Dad created the intellectual basis for my religious observance, and Mom provided the spiritual depth and traditional ritual-blessed home environment to which my faith attached itself and grew. Together, they built a very spiritual home, with great pleasures and high expectations for my sisters and me. The Friday pre-Shabbat experiences that I first had in my grandmother’s house continued and grew in Mom and Dad’s house.

I would come home from school on Friday afternoon and immediately inhale the aroma of the chicken soup, meat, or kugel—a sweet baked noodle dish—or whatever else was cooking. I would go over to the stove and pick up the lid of the chicken soup pot, smell it, and then take a spoonful. Years later, when Hadassah first saw me tasting from the soup pot on Friday afternoon in my mother’s kitchen, she was appalled.

“How can you do that!” she asked in her most mannerly New England tone.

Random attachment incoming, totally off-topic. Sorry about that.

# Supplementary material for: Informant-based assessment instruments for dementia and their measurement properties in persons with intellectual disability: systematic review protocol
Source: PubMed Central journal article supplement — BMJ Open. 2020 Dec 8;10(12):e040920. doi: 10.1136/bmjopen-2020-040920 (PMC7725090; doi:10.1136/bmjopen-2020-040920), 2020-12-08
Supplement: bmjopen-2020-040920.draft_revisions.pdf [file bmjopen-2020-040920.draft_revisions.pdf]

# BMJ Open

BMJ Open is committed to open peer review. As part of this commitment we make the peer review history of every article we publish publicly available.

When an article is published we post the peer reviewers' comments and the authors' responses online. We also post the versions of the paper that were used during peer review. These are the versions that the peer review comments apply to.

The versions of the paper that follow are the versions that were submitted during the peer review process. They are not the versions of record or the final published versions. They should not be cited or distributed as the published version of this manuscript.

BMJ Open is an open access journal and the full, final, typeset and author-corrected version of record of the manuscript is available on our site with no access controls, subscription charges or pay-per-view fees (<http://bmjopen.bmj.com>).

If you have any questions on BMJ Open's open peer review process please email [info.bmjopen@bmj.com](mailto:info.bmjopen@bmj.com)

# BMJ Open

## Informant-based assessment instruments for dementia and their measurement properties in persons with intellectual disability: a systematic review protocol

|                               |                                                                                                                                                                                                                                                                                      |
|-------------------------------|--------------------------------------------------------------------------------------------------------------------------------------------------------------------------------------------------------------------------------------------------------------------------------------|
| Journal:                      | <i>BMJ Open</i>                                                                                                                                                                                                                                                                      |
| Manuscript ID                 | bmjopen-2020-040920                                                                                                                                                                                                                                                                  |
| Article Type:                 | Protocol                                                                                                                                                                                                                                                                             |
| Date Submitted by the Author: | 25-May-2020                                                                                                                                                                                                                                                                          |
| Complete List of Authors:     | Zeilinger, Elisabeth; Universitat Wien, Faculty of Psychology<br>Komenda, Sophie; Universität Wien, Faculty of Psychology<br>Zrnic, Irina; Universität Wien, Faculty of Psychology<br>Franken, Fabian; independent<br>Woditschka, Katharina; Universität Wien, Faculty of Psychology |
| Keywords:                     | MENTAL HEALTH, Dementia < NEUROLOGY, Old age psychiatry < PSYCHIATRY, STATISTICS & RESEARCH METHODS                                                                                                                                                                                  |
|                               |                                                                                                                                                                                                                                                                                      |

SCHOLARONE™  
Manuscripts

“It’s my tradition,” I answered, with a big smile as if I was Tevye in Fiddler on the Roof. But Hadassah was unconvinced.

Later I learned I had the Code of Jewish Law on my side. It may surprise you that Judaism has such things codified, but one highly authoritative legal commentary, the Mishnah Berurah, actually says, “It is meritorious to taste every dish on Erev Shabbos, so as to see that it is prepared well and properly.” Little did I realize that I had such esteemed authority to justify my undisciplined Friday afternoon ardor for chicken soup.